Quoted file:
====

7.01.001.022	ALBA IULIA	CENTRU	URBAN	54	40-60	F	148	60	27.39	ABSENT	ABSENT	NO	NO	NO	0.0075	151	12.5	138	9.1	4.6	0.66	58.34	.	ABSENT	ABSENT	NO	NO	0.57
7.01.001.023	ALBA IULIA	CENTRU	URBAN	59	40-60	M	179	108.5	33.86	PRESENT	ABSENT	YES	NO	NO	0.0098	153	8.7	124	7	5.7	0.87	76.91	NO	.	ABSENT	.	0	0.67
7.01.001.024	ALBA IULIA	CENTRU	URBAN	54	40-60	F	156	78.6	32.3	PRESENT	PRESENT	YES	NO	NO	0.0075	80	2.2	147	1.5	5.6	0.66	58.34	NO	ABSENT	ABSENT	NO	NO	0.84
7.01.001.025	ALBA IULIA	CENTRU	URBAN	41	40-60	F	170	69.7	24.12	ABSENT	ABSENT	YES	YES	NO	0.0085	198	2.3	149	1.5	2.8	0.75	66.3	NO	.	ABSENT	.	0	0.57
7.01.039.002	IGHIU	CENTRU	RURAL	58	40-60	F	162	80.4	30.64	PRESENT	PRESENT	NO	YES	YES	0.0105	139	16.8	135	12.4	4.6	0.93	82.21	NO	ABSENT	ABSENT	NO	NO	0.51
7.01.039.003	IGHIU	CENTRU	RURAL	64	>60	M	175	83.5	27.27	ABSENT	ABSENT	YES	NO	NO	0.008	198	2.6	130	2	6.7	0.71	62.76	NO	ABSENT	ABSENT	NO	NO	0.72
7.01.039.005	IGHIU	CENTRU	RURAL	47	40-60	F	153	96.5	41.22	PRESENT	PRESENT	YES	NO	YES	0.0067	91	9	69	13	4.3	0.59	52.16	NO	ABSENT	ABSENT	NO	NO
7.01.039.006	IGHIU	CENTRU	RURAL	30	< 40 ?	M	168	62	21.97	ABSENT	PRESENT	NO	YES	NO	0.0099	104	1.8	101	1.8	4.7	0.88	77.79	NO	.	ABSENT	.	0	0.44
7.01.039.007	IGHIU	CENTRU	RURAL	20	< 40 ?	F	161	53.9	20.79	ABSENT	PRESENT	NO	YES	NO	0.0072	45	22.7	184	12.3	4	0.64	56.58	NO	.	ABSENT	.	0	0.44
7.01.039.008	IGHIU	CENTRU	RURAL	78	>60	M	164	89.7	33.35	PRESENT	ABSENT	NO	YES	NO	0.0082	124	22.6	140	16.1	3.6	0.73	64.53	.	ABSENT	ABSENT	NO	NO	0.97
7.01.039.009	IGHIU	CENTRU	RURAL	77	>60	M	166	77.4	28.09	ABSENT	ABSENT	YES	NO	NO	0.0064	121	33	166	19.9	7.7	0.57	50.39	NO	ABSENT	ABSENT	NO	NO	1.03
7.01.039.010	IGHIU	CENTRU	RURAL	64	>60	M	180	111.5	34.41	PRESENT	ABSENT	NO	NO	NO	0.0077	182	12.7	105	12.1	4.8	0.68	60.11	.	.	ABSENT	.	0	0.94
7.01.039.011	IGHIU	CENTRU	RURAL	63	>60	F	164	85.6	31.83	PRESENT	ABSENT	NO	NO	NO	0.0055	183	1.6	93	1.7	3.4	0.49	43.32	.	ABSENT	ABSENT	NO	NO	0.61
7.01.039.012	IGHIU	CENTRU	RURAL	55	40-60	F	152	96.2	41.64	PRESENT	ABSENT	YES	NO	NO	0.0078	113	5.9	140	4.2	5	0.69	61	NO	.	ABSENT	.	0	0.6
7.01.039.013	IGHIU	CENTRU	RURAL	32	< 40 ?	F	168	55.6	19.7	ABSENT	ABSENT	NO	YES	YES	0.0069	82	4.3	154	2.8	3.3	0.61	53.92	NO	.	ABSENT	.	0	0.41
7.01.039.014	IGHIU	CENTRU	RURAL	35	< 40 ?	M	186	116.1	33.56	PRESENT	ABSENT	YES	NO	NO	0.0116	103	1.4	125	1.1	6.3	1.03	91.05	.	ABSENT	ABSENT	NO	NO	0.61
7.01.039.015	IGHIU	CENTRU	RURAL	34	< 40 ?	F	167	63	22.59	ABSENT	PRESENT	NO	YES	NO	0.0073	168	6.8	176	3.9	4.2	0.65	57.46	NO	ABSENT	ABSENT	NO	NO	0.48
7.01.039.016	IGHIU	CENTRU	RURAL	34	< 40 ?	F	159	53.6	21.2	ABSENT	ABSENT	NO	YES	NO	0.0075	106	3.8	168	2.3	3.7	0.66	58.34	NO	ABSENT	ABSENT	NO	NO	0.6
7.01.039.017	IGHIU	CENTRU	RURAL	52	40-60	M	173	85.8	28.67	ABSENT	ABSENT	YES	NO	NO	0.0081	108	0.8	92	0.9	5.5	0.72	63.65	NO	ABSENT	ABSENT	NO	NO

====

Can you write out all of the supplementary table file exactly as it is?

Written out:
7.01.001.022	ALBA IULIA	CENTRU	URBAN	54	40-60	F	148	60	27.39	ABSENT	ABSENT	NO	NO	NO	0.0075	151	12.5	138	9.1	4.6	0.66	58.34	.	ABSENT	ABSENT	NO	NO	0.57
7.01.001.023	ALBA IULIA	CENTRU	URBAN	59	40-60	M	179	108.5	33.86	PRESENT	ABSENT	YES	NO	NO	0.0098	153	8.7	124	7	5.7	0.87	76.91	NO	.	ABSENT	.	0	0.67
7.01.001.024	ALBA IULIA	CENTRU	URBAN	54	40-60	F	156	78.6	32.3	PRESENT	PRESENT	YES	NO	NO	0.0075	80	2.2	147	1.5	5.6	0.66	58.34	NO	ABSENT	ABSENT	NO	NO	0.84
7.01.001.025	ALBA IULIA	CENTRU	URBAN	41	40-60	F	170	69.7	24.12	ABSENT	ABSENT	YES	YES	NO	0.0085	198	2.3	149	1.5	2.8	0.75	66.3	NO	.	ABSENT	.	0	0.57
7.01.039.002	IGHIU	CENTRU	RURAL	58	40-60	F	162	80.4	30.64	PRESENT	PRESENT	NO	YES	YES	0.0105	139	16.8	135	12.4	4.6	0.93	82.21	NO	ABSENT	ABSENT	NO	NO	0.51
7.01.039.003	IGHIU	CENTRU	RURAL	64	>60	M	175	83.5	27.27	ABSENT	ABSENT	YES	NO	NO	0.008	198	2.6	130	2	6.7	0.71	62.76	NO	ABSENT	ABSENT	NO	NO	0.72
7.01.039.005	IGHIU	CENTRU	RURAL	47	40-60	F	153	96.5	41.22	PRESENT	PRESENT	YES	NO	YES	0.0067	91	9	69	13	4.3	0.59	52.16	NO	ABSENT	ABSENT	NO	NO
7.01.039.006	IGHIU	CENTRU	RURAL	30	< 40 ?	M	168	62	21.97	ABSENT	PRESENT	NO	YES	NO	0.0099	104	1.8	101	1.8	4.7	0.88	77.79	NO	.	ABSENT	.	0	0.44
7.01.039.007	IGHIU	CENTRU	RURAL	20	< 40 ?	F	161	53.9	20.79	ABSENT	PRESENT	NO	YES	NO	0.0072	45	22.7	184	12.3	4	0.64	56.58	NO	.	ABSENT	.	0	0.44
7.01.039.008	IGHIU	CENTRU	RURAL	78	>60	M	164	89.7	33.35	PRESENT	ABSENT	NO	YES	NO	0.0082	124	22.6	140	16.1	3.6	0.73	64.53	.	ABSENT	ABSENT	NO	NO	0.97
7.01.039.009	IGHIU	CENTRU	RURAL	77	>60	M	166	77.4	28.09	ABSENT	ABSENT	YES	NO	NO	0.0064	121	33	166	19.9	7.7	0.57	50.39	NO	ABSENT	ABSENT	NO	NO	1.03
7.01.039.010	IGHIU	CENTRU	RURAL	64	>60	M	180	111.5	34.41	PRESENT	ABSENT	NO	NO	NO	0.0077	182	12.7	105	12.1	4.8	0.68	60.11	.	.	ABSENT	.	0	0.94
7.01.039.011	IGHIU	CENTRU	RURAL	63	>60	F	164	85.6	31.83	PRESENT	ABSENT	NO	NO	NO	0.0055	183	1.6	93	1.7	3.4	0.49	43.32	.	ABSENT	ABSENT	NO	NO	0.61
7.01.039.012	IGHIU	CENTRU	RURAL	55	40-60	F	152	96.2	41.64	PRESENT	ABSENT	YES	NO	NO	0.0078	113	5.9	140	4.2	5	0.69	61	NO	.	ABSENT	.	0	0.6
7.01.039.013	IGHIU	CENTRU	RURAL	32	< 40 ?	F	168	55.6	19.7	ABSENT	ABSENT	NO	YES	YES	0.0069	82	4.3	154	2.8	3.3	0.61	53.92	NO	.	ABSENT	.	0	0.41
7.01.039.014	IGHIU	CENTRU	RURAL	35	< 40 ?	M	186	116.1	33.56	PRESENT	ABSENT	YES	NO	NO	0.0116	103	1.4	125	1.1	6.3	1.03	91.05	.	ABSENT	ABSENT	NO	NO	0.61
7.01.039.015	IGHIU	CENTRU	RURAL	34	< 40 ?	F	167	63	22.59	ABSENT	PRESENT	NO	YES	NO	0.0073	168	6.8	176	3.9	4.2	0.65	57.46	NO	ABSENT	ABSENT	NO	NO	0.48
7.01.039.016	IGHIU	CENTRU	RURAL	34	< 40 ?	F	159	53.6	21.2	ABSENT	ABSENT	NO	YES	NO	0.0075	106	3.8	168	2.3	3.7	0.66	58.34	NO	ABSENT	ABSENT	NO	NO	0.6
7.01.039.017	IGHIU	CENTRU	RURAL	52	40-60	M	173	85.8	28.67	ABSENT	ABSENT	YES	NO	NO	0.0081	108	0.8	92	0.9	5.5	0.72	63.65	NO	ABSENT	ABSENT	NO	NO